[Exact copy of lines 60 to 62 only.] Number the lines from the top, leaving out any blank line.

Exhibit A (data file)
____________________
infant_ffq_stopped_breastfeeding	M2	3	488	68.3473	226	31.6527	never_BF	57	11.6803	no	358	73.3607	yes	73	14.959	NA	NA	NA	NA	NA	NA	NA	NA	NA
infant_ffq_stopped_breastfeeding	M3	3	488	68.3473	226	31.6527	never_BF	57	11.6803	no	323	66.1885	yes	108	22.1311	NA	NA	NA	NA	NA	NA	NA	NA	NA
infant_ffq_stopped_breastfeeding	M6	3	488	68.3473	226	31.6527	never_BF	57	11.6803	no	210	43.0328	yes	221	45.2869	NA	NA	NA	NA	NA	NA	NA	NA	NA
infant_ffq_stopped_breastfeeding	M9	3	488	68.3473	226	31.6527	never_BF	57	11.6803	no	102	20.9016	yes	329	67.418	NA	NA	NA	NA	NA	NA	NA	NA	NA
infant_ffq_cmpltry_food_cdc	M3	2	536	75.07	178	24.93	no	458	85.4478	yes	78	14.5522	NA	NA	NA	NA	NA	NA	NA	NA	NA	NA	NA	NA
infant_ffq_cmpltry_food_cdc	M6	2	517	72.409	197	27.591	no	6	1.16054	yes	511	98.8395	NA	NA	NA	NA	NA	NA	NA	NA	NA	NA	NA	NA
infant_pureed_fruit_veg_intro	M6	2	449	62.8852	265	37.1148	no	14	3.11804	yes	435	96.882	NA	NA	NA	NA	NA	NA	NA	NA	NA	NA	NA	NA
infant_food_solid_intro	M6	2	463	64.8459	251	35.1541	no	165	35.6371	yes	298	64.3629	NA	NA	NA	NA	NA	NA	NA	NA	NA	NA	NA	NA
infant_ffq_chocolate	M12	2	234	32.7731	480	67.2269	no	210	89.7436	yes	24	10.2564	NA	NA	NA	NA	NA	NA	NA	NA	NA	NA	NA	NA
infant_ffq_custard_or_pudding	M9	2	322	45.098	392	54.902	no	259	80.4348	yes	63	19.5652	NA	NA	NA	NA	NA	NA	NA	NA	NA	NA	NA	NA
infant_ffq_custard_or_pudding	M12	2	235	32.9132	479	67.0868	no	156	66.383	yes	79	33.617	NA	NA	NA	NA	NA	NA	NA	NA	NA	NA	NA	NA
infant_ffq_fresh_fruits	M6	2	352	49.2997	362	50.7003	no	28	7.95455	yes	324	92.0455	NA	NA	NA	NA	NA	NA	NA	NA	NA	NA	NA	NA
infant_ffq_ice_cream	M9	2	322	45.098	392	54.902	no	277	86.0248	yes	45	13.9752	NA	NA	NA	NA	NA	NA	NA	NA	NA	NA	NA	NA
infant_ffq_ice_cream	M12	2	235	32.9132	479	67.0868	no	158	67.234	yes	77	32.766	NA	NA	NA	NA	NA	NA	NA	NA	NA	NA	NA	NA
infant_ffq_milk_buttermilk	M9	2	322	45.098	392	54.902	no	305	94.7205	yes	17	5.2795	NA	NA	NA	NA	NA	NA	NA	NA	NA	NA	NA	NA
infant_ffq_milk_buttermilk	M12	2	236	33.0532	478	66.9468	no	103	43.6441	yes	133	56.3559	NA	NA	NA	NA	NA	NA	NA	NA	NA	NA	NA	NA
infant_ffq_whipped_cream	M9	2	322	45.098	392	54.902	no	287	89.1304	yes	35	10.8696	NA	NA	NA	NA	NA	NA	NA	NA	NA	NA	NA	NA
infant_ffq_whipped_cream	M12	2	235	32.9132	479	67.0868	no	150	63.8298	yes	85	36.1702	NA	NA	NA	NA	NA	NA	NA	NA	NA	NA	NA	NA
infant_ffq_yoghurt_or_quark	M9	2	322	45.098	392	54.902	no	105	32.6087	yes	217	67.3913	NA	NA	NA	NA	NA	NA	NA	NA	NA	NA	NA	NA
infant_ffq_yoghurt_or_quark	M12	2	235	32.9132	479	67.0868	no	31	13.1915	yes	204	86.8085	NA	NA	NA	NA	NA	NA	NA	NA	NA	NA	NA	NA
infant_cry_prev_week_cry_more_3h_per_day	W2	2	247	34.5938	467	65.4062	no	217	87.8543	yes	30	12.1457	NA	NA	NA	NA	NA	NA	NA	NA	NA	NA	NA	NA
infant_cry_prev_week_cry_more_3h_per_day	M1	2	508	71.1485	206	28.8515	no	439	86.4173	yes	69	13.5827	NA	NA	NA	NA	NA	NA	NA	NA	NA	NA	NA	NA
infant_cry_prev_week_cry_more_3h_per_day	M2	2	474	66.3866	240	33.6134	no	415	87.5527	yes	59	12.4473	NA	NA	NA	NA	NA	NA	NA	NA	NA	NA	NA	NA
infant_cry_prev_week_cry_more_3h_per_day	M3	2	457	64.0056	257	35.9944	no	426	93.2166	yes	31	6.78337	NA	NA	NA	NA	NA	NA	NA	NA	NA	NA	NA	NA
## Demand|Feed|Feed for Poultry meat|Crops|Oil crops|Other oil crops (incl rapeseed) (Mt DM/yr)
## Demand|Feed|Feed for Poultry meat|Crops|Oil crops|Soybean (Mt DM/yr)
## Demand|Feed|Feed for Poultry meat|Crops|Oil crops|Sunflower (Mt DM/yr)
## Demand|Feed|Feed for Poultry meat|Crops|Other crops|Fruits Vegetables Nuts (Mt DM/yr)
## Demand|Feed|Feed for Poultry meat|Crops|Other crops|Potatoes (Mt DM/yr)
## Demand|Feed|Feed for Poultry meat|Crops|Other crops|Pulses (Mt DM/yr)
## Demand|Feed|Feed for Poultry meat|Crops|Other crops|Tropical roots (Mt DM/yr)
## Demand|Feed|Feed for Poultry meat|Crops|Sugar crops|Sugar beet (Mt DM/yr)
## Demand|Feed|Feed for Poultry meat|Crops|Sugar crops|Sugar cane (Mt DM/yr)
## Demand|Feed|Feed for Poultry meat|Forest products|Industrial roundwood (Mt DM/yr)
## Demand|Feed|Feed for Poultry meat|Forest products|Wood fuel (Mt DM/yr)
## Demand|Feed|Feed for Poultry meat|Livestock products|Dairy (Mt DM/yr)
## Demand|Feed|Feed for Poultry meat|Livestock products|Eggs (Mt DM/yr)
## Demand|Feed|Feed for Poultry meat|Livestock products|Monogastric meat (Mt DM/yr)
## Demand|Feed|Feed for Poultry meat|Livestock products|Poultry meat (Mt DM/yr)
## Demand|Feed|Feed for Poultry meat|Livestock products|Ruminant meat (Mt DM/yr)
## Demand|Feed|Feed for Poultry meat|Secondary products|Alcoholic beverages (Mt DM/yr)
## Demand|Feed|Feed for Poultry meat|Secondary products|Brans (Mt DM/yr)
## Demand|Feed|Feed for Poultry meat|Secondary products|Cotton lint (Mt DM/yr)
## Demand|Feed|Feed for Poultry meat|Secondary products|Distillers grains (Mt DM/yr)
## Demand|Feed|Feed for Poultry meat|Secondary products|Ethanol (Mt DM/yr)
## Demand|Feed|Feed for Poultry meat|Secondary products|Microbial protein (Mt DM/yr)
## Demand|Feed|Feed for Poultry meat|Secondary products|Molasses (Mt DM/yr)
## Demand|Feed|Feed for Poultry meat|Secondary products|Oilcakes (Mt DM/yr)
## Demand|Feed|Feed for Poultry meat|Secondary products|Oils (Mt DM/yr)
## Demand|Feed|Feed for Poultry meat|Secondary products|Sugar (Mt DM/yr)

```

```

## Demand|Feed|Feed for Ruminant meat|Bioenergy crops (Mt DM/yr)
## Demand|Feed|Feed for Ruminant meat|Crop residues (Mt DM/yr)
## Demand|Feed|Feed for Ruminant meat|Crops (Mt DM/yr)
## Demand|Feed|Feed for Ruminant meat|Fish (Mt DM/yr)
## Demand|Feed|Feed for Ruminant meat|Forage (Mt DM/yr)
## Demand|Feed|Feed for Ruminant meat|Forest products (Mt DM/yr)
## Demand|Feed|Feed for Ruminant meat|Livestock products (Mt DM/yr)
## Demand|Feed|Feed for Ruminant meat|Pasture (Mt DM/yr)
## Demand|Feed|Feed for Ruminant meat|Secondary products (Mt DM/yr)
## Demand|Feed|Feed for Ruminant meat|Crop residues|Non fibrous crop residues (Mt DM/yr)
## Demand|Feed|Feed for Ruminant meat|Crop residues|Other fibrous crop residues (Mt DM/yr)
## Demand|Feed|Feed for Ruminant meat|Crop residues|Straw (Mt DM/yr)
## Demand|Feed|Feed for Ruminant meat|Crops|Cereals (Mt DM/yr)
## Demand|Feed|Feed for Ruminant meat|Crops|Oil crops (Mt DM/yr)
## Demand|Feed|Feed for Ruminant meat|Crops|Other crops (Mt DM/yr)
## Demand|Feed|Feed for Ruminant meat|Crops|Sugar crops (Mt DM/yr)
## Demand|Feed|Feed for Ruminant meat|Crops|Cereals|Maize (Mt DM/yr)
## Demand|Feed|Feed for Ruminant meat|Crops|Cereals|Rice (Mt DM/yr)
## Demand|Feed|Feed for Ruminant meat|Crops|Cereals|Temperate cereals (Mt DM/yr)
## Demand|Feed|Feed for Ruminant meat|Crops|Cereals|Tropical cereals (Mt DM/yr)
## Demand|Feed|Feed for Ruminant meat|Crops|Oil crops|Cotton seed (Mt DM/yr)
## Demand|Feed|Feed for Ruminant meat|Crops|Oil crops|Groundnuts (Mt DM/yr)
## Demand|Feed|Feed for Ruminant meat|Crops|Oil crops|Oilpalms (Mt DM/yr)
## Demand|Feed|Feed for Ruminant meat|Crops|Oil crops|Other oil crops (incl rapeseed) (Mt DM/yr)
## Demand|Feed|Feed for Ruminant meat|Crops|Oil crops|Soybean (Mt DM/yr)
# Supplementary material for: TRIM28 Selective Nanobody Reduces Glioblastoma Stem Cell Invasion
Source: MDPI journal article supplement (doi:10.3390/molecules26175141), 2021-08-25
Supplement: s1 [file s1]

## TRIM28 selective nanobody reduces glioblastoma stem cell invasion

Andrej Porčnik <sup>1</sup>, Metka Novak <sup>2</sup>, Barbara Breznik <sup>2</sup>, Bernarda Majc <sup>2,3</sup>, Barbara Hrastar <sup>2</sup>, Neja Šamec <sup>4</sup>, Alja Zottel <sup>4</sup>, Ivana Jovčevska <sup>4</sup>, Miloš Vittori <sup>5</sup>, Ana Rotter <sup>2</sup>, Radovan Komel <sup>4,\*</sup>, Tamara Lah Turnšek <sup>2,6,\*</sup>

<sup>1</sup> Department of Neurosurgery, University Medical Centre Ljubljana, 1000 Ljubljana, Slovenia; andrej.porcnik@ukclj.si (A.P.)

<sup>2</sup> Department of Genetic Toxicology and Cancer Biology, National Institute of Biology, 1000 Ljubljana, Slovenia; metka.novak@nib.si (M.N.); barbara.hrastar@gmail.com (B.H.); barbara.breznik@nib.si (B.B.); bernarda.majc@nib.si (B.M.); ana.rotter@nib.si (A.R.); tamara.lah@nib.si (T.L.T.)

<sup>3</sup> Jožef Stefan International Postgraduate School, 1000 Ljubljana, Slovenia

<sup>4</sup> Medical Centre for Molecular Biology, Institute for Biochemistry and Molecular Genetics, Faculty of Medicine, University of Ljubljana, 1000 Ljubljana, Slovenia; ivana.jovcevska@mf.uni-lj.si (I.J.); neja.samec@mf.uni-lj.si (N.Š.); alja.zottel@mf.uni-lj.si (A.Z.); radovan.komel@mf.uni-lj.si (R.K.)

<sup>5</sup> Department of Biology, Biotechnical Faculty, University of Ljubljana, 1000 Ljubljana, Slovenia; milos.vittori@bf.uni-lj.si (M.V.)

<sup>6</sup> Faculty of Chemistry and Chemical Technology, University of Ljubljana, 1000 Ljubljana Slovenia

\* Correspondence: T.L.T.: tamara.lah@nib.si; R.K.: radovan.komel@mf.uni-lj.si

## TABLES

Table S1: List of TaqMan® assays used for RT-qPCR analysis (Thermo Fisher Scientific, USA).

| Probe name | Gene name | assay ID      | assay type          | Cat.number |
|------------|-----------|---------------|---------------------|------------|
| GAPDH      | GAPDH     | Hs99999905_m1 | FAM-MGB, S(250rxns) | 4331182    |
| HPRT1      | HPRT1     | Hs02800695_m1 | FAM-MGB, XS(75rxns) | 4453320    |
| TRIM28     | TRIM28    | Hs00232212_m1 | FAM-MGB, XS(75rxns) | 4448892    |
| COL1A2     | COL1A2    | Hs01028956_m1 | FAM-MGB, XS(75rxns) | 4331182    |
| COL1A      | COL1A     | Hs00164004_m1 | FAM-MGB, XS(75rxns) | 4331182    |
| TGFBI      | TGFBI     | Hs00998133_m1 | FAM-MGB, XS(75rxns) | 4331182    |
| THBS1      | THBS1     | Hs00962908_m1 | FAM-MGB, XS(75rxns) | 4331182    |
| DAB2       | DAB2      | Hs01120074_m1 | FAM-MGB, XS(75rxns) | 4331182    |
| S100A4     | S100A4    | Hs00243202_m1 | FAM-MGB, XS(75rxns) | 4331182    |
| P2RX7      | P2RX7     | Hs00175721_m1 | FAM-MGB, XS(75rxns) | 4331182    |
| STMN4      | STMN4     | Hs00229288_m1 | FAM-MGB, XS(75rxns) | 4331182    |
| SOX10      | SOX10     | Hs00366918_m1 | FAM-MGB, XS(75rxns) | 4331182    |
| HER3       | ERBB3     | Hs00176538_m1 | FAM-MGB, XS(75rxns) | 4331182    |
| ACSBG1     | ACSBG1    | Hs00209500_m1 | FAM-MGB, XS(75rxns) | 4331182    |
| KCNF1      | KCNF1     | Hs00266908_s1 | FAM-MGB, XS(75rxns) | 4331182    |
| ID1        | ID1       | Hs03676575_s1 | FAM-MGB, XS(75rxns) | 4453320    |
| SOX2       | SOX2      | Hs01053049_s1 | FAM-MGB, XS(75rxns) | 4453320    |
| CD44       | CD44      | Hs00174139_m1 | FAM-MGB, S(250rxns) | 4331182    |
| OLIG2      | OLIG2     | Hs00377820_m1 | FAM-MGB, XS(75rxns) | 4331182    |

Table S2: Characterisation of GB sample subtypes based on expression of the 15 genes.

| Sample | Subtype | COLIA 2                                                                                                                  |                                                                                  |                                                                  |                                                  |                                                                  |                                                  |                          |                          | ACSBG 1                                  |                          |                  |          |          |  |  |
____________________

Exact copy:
## Demand|Feed|Feed for Ruminant meat|Pasture (Mt DM/yr)
## Demand|Feed|Feed for Ruminant meat|Secondary products (Mt DM/yr)
## Demand|Feed|Feed for Ruminant meat|Crop residues|Non fibrous crop residues (Mt DM/yr)